Oftentimes, we find that the brands that best help build [an artist’s] fan base are things that are counterintuitive. For example, Snoop Dogg, who’s known for hip-hop, marijuana and the gangster era, doing a cooking show with Martha Stewart could be brilliant because it’s counterintuitive to who he is. His existing fans are going to follow everything he does, but now it’s also people who’ve never heard of him before.

There are a lot of artists like that. Doing something totally counterintuitive, when done with a sense of humor and in a way that makes sense, can really help expand an artist’s fan base to a much larger audience.

Worldwide Barriers
Fifteen years ago, having multiple currencies and not having the applications we have now for tracking flights, hotels and transportation, those were big challenges. A lot of that is now gone. Even the language barrier is gone, because so many applications allow you to translate email and with globalization everybody has a better understanding of English.

The one thing that is still a huge challenge, particularly when dealing with the Middle East, South America and Asia, is their culture of doing business is very different––where people’s starting points are in terms of negotiations, how many counters may go back and forth and also the speed and pace at which people make decisions. There’s still a big cultural divide in terms of understanding how people want to go through the process.

Disrupting Social Media
As far as I know, I was the first company to scale Facebook monetization to the music industry. About three-and-a-half years ago, I learned there were a few people doing this with comedians and athletes. Once I learned how the business model worked in terms of monetizing social media in ways that allowed us to make money off the number of views content would get, it created an interesting business model that could be scaled to artists.

When we started doing this, companies would charge artists to build up their following. We disrupted the industry, because we weren’t asking for money. It went from them paying a service company to us providing a service for them and making them money. The idea of not having to pay for it and still getting the same service, let alone make money on top, was a no-brainer win for most people.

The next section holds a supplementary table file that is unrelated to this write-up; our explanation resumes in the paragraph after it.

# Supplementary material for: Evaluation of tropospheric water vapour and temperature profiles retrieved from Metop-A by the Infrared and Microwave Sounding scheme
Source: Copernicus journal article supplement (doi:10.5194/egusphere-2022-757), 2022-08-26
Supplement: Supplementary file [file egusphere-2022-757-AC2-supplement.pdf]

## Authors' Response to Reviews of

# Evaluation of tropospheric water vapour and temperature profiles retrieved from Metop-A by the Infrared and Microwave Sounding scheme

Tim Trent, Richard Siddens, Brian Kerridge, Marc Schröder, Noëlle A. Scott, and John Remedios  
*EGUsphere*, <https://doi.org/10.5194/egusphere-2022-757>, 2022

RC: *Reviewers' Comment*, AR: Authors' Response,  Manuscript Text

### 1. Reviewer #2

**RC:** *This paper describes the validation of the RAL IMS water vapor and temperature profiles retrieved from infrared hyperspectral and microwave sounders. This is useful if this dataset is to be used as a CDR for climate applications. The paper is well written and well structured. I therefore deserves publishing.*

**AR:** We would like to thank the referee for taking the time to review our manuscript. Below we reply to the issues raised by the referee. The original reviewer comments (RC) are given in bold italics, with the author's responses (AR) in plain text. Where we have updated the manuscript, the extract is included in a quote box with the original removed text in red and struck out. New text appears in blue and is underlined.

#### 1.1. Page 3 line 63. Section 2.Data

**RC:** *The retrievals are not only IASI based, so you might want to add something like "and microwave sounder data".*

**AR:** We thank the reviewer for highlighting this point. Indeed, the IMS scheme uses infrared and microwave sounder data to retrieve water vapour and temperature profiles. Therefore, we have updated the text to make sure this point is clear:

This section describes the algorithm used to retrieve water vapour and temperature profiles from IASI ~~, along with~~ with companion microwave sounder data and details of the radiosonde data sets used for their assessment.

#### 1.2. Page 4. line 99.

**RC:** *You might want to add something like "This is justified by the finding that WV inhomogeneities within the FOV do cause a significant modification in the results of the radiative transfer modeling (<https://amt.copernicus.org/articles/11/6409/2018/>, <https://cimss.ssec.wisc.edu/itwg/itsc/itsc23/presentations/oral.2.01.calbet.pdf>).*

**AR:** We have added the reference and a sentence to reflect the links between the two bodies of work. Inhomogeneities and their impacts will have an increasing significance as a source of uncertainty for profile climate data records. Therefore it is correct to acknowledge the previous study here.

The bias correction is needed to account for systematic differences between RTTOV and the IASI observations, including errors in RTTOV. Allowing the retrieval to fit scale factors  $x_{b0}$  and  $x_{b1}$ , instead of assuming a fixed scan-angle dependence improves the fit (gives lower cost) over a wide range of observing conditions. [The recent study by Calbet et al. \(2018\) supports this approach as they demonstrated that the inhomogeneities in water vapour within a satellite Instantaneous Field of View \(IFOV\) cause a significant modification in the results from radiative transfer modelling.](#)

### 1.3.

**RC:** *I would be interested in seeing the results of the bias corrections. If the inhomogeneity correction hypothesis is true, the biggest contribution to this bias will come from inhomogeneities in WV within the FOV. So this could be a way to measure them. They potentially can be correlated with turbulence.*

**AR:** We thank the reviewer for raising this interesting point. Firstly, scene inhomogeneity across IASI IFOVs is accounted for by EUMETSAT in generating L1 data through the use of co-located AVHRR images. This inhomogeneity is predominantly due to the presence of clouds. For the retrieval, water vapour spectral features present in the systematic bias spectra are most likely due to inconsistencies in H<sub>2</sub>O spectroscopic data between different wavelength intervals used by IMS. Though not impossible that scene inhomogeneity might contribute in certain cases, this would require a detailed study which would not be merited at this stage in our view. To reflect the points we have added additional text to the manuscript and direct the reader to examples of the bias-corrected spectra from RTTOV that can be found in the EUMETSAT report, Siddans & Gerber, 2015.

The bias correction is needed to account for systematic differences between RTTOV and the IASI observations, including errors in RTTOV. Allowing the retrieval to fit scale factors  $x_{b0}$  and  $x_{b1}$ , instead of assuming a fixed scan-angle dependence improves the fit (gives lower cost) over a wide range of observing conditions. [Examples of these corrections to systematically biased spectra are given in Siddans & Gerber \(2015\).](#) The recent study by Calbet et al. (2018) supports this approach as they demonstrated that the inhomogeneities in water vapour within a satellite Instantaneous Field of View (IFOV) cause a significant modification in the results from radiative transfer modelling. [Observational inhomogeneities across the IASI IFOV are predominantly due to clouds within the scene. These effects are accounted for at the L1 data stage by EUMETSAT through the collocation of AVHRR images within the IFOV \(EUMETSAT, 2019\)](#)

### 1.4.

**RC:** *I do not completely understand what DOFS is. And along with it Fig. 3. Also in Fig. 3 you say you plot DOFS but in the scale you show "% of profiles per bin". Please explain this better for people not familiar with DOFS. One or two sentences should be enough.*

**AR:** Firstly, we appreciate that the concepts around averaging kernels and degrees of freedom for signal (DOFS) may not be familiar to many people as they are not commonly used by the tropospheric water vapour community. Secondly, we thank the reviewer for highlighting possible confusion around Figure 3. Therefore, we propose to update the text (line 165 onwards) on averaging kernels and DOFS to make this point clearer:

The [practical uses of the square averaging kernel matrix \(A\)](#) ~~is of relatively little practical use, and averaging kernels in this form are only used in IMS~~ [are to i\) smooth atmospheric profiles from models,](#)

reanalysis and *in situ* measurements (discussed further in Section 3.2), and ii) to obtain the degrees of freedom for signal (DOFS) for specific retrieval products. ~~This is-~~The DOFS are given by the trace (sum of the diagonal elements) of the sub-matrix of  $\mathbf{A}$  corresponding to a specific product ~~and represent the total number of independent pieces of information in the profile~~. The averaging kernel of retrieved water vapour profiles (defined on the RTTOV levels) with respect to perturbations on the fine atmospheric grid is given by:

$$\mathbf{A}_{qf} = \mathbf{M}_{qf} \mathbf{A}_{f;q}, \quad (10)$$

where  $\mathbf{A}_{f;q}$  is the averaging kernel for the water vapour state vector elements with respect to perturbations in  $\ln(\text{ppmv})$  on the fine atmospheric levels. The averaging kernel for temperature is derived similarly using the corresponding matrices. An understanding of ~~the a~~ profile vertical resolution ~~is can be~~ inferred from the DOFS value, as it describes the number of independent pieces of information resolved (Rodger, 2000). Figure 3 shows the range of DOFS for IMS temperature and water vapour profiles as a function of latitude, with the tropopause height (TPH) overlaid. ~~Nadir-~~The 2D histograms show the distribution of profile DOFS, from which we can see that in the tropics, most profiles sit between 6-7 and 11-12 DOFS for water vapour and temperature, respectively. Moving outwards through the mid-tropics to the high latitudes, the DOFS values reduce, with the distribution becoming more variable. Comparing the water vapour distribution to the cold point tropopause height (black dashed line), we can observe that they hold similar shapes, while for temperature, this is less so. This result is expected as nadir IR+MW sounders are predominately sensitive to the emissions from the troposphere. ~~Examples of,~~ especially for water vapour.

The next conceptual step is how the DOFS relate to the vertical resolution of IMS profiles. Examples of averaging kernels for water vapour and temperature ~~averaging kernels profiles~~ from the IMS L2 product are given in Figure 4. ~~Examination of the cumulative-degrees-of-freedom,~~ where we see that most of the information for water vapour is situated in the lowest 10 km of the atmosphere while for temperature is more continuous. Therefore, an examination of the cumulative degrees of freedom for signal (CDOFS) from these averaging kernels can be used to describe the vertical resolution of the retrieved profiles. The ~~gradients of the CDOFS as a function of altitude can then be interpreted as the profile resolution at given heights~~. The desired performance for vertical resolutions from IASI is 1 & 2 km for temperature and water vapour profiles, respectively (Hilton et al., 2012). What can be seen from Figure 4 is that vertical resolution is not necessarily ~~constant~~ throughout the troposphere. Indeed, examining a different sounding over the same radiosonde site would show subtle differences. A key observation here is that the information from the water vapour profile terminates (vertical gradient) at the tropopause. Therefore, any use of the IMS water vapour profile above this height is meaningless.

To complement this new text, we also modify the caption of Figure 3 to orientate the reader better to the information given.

Don’t Miss Out
Making money off social media outlets is essential for anybody in the music business. If you’re not making money off of it on a consistent basis, you need an extra person on your team to focus on that. Without having a dedicated team whose job it is to focus on this, you’re going to be doing it at a mediocre level.

Building a Following
Before artists tour, they need to have good music and a good show prepared. Artists are going to make new fans from their live shows only if they come with a fantastic live performance and there’s already some momentum behind their music.

At the same time, there’s so much you can do through online platforms to build up your following before you go on the road. That’s something artists need to focus on. And find a specific niche that’s going to set you aside from other people in terms of look and sound.

Online Promotion
If artists can do clever things that attach them to trending topics and integrates their brand and music along with those moments, it’s going to help bring attention. And once they’re in that spotlight, things can move very quickly. There was a song, “Juju On That Beat,” which became a huge viral song mostly because of this presence online which allowed that artist to tour and make tens of thousands of dollars a night.

Years with Company: 10
Address: 8560 W. Sunset Blvd., 5th Floor, West Hollywood, CA 90069
Phone: 323-465-9088
FAX: 323-657-5302
Web: alliancetalent.net
Email: [email protected]
Clients: Art Basel, Belvedere Vodka, Red Bull, Sundance Film Festival, Hard Rock CafО, Vail Resorts, Thompson Hotels, Digital Domain, myspace, Palms Hotel, Kendrick Lamar, A$AP Rocky, Diddy, B.O.B.